Keystone XL will be a “major driver” of oil sands expansion that significantly raises the risks of climate change, said Tom Steyer, a former hedge fund manager who has spent some of his fortune fighting the pipeline.
Steyer spoke today at a Washington conference that his group, NextGen Climate Action, sponsored to respond to President Barack Obama’s declaration that he wouldn’t approve Keystone if it were found to lead to a major increase in carbon-dioxide emissions.
“I think what people don’t understand is the magnitude of the asset and the magnitude of the production increases” that would follow Keystone’s approval, Steyer said in an interview following his address this morning. “Once it’s built, it will enable this thing to run for decades.”
The summit was held at the same Georgetown University campus where Obama laid down his climate marker in a June speech. “The net effects of the pipeline’s impact on our climate will be absolutely critical to determining whether this project is allowed to go forward,” Obama said.
TransCanada Corp. (TRP), based in Calgary, first proposed the link between Alberta’s oil sands and refineries in the U.S. Gulf Coast more than five years ago. Obama rejected the original application, though construction on its southern leg is nearly complete. The State Department is now reviewing a line that would run from the border to Steele City, Nebraska.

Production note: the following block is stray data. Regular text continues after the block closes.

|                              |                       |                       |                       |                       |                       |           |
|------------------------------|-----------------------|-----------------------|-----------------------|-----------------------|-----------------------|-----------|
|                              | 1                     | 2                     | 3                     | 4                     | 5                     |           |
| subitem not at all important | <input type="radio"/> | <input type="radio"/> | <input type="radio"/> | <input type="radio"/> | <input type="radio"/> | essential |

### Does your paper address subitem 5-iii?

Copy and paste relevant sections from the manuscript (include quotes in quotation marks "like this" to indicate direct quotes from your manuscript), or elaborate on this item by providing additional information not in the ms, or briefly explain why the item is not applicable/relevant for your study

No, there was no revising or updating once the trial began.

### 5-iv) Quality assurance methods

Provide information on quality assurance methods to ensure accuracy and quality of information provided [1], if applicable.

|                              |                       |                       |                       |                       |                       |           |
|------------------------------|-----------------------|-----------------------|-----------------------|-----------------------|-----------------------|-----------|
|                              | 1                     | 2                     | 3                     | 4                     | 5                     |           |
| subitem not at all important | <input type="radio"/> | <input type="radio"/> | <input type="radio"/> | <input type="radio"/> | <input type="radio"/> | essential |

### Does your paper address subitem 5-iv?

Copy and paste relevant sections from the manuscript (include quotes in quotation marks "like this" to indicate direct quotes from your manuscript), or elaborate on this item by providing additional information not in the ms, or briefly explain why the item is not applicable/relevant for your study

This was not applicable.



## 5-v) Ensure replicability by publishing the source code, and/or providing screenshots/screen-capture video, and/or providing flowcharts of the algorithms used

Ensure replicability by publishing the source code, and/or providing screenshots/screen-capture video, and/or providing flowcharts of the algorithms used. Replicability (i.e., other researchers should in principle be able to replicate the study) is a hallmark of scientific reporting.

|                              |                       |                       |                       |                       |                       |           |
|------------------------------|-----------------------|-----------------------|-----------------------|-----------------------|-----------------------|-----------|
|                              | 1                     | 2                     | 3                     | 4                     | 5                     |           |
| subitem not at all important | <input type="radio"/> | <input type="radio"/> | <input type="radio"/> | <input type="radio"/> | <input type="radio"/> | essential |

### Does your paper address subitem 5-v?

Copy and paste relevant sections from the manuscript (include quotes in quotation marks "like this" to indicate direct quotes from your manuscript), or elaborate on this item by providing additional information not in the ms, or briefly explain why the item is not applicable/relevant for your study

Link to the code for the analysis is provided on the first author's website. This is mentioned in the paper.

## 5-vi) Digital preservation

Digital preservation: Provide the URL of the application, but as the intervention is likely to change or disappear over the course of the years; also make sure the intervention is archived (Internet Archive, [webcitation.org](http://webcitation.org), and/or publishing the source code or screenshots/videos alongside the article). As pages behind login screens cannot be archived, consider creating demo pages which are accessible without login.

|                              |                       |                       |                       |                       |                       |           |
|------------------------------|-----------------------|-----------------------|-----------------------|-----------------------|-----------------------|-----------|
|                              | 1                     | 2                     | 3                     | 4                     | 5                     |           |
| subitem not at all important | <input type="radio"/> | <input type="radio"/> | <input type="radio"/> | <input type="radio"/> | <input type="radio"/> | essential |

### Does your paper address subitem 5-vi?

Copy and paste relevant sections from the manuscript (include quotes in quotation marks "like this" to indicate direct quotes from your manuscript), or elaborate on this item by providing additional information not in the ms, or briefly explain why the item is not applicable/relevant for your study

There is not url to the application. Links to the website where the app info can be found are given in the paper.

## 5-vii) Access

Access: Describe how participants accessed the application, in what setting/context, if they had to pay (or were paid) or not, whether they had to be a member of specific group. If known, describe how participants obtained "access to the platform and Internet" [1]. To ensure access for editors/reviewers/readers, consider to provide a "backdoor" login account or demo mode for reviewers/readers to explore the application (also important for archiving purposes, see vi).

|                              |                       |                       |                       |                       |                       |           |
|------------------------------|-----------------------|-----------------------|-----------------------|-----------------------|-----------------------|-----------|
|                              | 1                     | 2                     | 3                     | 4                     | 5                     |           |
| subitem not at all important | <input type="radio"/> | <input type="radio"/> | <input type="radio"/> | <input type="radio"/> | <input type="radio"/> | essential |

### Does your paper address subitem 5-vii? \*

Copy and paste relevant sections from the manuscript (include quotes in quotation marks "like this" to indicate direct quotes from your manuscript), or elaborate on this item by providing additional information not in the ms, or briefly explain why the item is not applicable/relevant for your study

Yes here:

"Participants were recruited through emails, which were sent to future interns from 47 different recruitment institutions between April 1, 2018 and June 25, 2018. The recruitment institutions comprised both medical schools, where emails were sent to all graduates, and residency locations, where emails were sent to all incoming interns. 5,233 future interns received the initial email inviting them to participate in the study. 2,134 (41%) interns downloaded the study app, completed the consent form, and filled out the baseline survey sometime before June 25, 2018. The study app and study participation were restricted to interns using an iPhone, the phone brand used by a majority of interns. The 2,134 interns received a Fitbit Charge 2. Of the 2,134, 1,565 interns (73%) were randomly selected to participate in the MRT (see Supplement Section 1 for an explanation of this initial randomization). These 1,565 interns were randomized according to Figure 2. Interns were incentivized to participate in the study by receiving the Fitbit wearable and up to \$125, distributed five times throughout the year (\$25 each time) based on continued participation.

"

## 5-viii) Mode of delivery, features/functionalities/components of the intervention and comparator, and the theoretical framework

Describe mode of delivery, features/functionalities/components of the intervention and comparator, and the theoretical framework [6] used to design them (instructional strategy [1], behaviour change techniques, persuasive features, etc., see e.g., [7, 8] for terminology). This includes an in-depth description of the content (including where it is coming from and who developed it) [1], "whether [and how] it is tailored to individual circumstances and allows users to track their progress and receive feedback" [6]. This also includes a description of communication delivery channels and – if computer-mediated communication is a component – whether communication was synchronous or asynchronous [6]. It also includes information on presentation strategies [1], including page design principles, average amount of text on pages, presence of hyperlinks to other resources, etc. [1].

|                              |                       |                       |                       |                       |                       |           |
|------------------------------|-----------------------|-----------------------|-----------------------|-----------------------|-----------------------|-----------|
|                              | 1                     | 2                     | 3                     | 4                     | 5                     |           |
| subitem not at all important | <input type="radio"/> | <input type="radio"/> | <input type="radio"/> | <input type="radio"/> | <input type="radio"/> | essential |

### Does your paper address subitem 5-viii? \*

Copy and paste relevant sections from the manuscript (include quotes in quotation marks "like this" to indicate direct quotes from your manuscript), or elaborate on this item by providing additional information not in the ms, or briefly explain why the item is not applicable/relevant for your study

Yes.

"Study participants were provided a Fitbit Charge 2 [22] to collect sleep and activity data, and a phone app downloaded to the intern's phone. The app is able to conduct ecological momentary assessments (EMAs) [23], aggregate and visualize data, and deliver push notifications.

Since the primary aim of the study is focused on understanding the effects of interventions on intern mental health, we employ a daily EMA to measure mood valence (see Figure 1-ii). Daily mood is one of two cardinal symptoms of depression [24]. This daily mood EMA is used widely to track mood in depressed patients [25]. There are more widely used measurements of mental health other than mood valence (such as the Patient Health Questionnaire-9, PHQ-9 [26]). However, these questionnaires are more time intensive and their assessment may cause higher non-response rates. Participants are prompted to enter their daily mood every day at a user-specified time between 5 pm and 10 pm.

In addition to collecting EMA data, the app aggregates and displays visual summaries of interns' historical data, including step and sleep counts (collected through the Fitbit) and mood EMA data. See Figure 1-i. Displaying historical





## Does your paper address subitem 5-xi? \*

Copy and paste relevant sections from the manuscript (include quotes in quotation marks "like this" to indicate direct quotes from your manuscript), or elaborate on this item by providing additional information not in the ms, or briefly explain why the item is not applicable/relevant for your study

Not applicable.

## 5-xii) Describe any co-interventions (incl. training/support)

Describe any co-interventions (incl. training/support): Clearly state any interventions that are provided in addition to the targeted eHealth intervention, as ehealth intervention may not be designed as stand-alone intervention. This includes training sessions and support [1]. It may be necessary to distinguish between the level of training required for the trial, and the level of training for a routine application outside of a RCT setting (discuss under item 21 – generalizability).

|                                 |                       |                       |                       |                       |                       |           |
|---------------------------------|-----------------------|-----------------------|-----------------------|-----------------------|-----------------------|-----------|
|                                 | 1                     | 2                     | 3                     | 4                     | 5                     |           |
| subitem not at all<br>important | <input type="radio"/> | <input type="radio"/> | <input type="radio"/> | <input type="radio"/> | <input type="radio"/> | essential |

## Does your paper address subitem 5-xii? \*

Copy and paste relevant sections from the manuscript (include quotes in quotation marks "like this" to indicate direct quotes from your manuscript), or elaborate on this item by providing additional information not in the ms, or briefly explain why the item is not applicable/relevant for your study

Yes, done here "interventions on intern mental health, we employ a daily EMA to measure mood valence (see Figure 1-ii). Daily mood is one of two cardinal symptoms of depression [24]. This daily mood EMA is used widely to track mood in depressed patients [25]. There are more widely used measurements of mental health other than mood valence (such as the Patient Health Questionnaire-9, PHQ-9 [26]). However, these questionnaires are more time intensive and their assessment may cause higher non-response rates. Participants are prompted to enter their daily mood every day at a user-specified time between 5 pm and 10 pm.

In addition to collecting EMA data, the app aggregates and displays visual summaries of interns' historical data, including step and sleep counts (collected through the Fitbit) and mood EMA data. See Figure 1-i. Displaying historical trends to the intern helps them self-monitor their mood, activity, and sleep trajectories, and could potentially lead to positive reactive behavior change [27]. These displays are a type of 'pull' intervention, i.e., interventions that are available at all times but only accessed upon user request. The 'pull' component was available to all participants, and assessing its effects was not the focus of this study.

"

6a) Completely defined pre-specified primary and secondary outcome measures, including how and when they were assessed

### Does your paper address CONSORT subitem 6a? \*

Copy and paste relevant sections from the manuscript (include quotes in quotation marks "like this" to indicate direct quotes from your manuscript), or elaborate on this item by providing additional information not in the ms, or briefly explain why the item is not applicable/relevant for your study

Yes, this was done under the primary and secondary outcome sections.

A TransCanada spokesman didn’t respond to a request for comment on Steyer’s interview, though company officials have said the pipeline will create thousands of construction jobs and improve the U.S. energy security by reducing reliance on oil imports from countries that aren’t as close an ally as Canada.
The pipeline has become a flashpoint in the debate over climate change because the production and mining of Alberta oil sands release more carbon dioxide than conventional forms of oil.
A draft environmental analysis by the U.S. State Department, which oversees the Keystone application because it crosses an international border, found the project wouldn’t have much of an impact on the climate because the oil sands would be developed anyway, and moved to market by rail.
The U.S. Environmental Protection Agency, which is advising the State Department as it completes the environmental review, called for a fuller market analysis. The State Department may release a final environmental analysis this month.
Steyer, a billionaire who founded Farallon Capital Management LLC and major donor to the Obama campaign, said Keystone would make it probable that oil companies would increase production beyond the estimated 168.7 billion proven reserves in part because it will enable producers the opportunity to get a better price for their oil.
Canadian crude now trades at a discount to West Texas Intermediate, a U.S. benchmark price. With Keystone, the economics of the oil sands will be improved, generating new investment and production, Steyer said.
“There is absolutely no doubt that the entire world is watching to see what we do on this and is going to take this as a straw poll on how seriously the United States takes climate,” Steyer said. “I don’t think there is any question on that.”
To contact the reporter on this story: Jim Snyder in Washington at firstname.lastname@example.org
To contact the editor responsible for this story: Jon Morgan at email@example.com